Damant found that the uniform had “inherent” but “non-obvious flammable characteristics.” When exposed to flame the uniform would ignite in three seconds. The material also had “melting characteristics” not found in other materials. He concluded consumers are generally unaware of this melting characteristic. In particular, Damant noted that the synthetic fabric blend had a response to heat or flame that was “beyond the average consumer or wearer would reasonably expect or anticipate when confronted in a similar situation.” While the evidence reflects that Cintas was aware of the risk that its uniform could catch on fire quickly, Damant opined that the consumer does not appreciate the risk and rapidness that certain fabrics could ignite when exposed to heat or flame. The evidence also shows that while Cintas was aware of the melting characteristics of the fabric, such knowledge was not common to the general consumer. In a marketing video, Cintas cited a 1989 study regarding workplace fires. The study concluded that most severe burns were caused by igniting non-flame retardant clothing and that those areas burn more severely than exposed skin. In agreeing with the study, Damant opined that “conventional thought among consumers is that exposed skin will be more severely burned than skin covered by clothing; that thought is generally not correct.” Finally, while the evidence shows that Cintas was aware of the risk in extinguishing the uniform, Damant testified that consumers do not know that certain fabrics are almost impossible to extinguish thereby negating any “stop, drop and roll” measures. The melting characteristics diminished the effectiveness of “stop, drop and roll.” Damant opined that it is not commonly known by consumers that this may not work in certain circumstances. This evidence raises a genuine issue of material fact regarding the uniform's speed in igniting, its melting characteristics, and difficulty in extinguishment. See Shears, 911 S.W.2d at 383 (stating there can be a fact issue about whether consumers have a common knowledge of risks associated with a product).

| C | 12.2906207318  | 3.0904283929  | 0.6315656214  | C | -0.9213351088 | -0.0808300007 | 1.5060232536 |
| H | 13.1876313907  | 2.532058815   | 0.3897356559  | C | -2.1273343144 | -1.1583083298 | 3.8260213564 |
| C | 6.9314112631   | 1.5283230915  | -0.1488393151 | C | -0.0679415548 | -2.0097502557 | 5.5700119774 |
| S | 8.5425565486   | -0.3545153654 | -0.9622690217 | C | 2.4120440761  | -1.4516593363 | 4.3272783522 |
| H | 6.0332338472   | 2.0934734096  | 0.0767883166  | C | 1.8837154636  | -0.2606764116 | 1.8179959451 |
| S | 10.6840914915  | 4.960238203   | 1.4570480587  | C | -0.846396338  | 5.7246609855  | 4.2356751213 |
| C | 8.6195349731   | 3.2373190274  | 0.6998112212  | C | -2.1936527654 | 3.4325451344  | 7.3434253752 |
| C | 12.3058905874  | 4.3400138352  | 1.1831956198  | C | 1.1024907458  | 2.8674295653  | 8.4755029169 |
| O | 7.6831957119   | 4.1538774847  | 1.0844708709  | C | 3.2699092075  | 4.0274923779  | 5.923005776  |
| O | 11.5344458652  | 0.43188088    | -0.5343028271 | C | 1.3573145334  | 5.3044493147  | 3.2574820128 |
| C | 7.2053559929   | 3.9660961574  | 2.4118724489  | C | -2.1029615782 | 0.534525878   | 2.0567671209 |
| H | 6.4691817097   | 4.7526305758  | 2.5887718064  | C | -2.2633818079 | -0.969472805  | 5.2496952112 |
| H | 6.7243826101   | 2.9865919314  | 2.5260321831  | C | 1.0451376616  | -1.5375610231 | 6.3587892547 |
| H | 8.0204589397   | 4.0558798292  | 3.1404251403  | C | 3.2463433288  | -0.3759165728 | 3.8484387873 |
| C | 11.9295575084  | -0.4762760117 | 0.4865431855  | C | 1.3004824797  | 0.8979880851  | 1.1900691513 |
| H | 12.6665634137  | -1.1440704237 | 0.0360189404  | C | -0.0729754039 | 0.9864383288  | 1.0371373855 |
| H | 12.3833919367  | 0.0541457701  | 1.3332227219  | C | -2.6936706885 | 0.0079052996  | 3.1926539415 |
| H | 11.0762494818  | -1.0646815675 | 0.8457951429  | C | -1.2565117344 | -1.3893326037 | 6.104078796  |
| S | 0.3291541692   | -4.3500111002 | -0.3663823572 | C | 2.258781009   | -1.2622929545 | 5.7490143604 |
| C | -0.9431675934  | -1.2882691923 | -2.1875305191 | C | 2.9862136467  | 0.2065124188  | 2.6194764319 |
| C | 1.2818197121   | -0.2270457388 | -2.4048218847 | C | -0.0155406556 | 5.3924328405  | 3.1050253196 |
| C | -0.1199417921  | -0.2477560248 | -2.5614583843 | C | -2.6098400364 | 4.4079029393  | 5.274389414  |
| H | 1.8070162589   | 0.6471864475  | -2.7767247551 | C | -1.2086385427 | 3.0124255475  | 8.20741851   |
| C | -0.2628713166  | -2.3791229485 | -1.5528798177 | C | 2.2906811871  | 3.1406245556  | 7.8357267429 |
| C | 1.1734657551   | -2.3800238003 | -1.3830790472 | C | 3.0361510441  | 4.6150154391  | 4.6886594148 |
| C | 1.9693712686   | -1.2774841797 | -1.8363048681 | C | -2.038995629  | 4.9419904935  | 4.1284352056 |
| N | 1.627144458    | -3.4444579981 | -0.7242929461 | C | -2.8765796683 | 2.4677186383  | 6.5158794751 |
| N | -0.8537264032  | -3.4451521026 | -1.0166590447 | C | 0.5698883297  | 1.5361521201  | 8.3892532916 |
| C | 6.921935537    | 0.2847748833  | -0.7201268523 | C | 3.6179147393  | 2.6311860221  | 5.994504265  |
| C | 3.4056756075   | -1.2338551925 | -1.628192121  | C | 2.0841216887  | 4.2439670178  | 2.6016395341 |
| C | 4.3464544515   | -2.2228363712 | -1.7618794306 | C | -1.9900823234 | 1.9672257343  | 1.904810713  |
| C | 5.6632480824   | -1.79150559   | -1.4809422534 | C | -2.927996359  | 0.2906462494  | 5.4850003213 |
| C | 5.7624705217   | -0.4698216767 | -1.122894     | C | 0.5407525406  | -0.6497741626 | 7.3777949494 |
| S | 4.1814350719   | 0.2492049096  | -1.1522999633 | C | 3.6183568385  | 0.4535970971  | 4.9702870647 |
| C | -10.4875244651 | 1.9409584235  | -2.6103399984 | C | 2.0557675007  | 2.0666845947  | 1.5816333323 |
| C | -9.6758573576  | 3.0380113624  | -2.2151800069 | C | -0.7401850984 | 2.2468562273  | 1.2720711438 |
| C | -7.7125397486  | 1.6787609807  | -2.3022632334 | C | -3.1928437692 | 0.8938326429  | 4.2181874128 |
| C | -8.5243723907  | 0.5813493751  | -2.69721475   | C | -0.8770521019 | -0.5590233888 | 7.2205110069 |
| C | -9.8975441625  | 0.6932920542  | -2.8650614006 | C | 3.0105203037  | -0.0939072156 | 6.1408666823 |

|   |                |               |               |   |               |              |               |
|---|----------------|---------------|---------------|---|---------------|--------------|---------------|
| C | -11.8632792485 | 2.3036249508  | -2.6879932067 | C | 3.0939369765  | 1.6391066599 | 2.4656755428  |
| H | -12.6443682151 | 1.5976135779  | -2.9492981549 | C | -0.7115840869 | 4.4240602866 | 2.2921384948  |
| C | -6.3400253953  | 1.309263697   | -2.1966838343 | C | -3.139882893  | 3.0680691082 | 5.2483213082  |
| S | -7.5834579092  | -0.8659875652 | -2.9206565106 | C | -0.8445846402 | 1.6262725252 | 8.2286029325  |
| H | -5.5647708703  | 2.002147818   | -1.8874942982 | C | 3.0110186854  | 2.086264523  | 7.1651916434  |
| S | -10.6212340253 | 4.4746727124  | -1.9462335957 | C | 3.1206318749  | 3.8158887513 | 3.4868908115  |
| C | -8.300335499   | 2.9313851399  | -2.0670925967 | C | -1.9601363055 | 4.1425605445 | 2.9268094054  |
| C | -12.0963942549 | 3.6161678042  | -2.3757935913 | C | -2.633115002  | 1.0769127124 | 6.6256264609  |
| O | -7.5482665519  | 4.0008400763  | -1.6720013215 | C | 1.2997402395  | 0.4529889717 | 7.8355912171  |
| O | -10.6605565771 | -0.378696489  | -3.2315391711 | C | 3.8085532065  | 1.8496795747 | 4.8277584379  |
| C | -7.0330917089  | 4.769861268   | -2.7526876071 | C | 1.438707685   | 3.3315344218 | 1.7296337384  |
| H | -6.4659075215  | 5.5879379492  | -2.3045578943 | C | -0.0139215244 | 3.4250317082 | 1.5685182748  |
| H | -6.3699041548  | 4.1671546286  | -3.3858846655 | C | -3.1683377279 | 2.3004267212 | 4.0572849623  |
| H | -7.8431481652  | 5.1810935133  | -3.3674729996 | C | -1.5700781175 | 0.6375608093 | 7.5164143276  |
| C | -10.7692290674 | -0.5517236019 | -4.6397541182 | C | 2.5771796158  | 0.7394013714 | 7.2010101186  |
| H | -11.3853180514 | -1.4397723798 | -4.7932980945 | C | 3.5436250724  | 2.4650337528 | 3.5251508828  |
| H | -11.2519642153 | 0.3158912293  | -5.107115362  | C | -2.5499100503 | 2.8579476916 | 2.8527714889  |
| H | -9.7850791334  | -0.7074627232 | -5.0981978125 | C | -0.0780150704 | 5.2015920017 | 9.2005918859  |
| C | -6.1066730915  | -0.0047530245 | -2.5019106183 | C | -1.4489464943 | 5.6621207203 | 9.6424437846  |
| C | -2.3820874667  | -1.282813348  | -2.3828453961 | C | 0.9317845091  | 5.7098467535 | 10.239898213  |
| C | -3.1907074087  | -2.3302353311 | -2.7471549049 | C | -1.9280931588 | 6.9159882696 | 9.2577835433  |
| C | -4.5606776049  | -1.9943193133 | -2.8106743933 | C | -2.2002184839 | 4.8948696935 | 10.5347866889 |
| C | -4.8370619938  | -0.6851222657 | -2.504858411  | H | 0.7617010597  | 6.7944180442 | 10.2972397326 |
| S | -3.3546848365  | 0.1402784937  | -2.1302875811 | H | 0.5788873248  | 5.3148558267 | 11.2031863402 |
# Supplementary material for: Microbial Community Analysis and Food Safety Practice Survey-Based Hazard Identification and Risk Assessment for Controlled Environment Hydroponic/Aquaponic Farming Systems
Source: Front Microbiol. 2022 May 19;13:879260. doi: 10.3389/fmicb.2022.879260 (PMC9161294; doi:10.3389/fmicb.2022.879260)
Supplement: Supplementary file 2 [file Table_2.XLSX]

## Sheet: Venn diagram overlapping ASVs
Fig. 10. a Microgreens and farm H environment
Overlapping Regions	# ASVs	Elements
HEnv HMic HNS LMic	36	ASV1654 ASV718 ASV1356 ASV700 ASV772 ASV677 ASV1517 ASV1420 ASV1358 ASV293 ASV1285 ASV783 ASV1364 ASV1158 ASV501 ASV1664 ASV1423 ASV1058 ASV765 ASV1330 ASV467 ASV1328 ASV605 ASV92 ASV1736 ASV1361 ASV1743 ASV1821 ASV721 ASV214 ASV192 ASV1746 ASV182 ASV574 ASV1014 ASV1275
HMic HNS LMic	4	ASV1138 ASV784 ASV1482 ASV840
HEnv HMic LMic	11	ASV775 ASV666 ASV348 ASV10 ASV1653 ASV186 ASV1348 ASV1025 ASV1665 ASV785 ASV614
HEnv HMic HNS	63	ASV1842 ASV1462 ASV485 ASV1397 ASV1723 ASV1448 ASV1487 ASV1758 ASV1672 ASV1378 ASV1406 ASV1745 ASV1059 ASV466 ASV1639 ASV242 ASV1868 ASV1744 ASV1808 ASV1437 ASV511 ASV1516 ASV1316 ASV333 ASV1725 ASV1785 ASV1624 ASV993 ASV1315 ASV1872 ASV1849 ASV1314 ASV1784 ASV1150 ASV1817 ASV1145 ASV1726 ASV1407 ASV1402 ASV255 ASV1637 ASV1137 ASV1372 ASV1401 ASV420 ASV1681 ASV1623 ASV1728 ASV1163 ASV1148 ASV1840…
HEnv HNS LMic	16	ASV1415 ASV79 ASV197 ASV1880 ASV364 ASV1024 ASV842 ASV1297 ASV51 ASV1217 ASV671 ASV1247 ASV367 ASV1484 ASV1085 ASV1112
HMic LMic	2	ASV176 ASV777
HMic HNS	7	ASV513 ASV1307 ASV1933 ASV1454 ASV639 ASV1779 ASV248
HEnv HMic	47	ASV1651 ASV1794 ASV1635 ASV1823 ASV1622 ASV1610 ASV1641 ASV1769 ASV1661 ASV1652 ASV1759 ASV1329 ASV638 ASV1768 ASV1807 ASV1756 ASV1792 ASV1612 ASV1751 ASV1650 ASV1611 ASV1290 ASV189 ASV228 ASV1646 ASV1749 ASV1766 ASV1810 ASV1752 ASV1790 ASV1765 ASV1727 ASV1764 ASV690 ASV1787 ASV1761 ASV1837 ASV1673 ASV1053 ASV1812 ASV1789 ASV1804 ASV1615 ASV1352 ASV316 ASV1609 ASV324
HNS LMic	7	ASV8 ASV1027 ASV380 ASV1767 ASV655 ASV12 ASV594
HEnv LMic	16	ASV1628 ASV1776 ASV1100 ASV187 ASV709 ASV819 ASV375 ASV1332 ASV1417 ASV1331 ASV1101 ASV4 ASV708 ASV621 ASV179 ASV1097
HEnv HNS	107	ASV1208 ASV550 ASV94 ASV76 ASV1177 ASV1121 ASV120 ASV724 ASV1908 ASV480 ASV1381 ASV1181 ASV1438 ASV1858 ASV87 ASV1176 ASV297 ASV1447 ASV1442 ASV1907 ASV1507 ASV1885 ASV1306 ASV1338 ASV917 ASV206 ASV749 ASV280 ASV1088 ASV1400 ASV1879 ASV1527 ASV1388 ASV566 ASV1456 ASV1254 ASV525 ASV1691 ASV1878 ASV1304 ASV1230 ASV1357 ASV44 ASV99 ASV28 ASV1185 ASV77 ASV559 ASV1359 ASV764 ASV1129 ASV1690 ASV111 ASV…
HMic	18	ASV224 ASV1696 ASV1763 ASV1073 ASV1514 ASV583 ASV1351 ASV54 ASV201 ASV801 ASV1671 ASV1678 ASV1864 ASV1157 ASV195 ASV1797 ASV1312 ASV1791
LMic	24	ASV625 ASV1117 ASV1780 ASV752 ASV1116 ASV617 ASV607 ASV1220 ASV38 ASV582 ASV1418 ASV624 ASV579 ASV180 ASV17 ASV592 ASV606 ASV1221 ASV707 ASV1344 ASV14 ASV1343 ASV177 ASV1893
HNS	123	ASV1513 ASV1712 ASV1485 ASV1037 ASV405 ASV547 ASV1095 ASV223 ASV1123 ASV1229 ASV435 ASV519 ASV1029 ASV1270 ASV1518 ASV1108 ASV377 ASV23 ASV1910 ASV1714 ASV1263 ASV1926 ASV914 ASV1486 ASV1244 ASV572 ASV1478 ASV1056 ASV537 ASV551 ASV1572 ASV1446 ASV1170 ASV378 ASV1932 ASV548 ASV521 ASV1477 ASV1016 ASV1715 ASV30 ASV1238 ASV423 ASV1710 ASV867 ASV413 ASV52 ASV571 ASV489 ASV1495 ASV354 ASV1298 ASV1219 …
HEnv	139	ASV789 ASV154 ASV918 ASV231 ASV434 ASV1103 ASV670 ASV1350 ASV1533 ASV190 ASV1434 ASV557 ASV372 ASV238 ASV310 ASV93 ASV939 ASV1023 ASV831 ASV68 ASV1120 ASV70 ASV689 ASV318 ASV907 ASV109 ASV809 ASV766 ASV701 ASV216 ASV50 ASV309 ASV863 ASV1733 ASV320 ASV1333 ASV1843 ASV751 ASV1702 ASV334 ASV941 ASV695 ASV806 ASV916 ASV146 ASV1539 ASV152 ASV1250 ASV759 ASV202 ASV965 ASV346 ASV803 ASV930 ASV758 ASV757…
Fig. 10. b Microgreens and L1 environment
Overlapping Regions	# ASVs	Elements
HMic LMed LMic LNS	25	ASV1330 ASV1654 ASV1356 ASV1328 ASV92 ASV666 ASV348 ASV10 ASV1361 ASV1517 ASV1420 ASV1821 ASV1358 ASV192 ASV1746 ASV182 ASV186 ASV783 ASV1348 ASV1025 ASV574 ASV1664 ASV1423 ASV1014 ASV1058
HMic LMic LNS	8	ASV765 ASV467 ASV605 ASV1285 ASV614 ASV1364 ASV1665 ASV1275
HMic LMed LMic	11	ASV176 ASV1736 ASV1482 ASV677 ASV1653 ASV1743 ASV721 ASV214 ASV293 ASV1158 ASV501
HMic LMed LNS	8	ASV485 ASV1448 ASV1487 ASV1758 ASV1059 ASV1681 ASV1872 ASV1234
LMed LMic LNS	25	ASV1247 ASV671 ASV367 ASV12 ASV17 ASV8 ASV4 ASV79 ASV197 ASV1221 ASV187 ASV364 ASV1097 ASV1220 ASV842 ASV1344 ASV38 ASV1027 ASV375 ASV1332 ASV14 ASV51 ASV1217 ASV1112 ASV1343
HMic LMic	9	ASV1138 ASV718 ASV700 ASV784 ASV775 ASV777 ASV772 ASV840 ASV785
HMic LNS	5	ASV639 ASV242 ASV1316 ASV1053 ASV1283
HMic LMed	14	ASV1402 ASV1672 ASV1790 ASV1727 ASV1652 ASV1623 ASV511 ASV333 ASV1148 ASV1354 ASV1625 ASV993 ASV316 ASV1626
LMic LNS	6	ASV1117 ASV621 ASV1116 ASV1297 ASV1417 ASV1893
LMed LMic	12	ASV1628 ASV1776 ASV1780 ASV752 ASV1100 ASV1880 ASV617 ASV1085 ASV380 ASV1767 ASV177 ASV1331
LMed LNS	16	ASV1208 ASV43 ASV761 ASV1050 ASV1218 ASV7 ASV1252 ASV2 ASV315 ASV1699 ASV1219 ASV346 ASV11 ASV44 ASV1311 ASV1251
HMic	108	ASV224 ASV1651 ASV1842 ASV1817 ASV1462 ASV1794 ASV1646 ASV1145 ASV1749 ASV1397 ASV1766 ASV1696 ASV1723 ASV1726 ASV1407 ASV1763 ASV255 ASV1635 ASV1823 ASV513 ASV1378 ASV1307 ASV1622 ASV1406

Cintas also raised the defense of learned intermediary. Also known as the “sophisticated user defense,” under this defense theory a manufacturer or supplier may fulfill its duty to warn, in certain situations, by relying on an intermediary to communicate a warning to the ultimate user of a product. Alm v. Aluminum Co. of America, 717 S.W.2d 588, 591 (Tex.1986); Humble Sand & Gravel, Inc. v. Gomez, 48 S.W.3d 487, 494 (Tex.App.-Texarkana 2001, pet. granted); Firestone Tire & Rubber Co. v. Battle, 745 S.W.2d 909, 914 (Tex.App.-Houston [1st Dist.] 1988, writ denied). However, the mere presence of an intermediary does not excuse the manufacturer from warning those whom it should reasonably expect to be endangered by the use of its product. Alm, 717 S.W.2d at 591; Humble Sand, 48 S.W.3d at 494; Battle, 745 S.W.2d at 914. The issue in every case is whether the original manufacturer has a reasonable assurance that its warning will reach those endangered by the use of its product. Alm, 717 S.W.2d at 591; Battle, 745 S.W.2d at 914. Thus, to avoid liability, a manufacturer must affirmatively prove that the warning given by a third party provided the user with actual, adequate, and specific knowledge of the hazard. Battle, 745 S.W.2d at 914. When the warning to the intermediary is inadequate or misleading, the manufacturer remains liable for injuries sustained by the ultimate user. Alm, 717 S.W.2d at 592.
In its motion for summary judgment, Cintas focused on whether its reliance on the Quarry was reasonable, arguing that the Quarry was a knowledgeable, sophisticated intermediary, and that the Quarry was the only entity with knowledge of its employees' needs and the risks they faced. Cintas, however, did not address whether its warning was adequate. Because Cintas failed to cite to evidence in support of an adequate warning, summary judgment in its favor on this defense was improper. Accordingly, I would reverse the judgment and remand this matter to the trial court.
Opinion by: SANDEE BRYAN MARION, Justice.
Dissenting opinion by: ALMA L. LÓPEZ, Justice.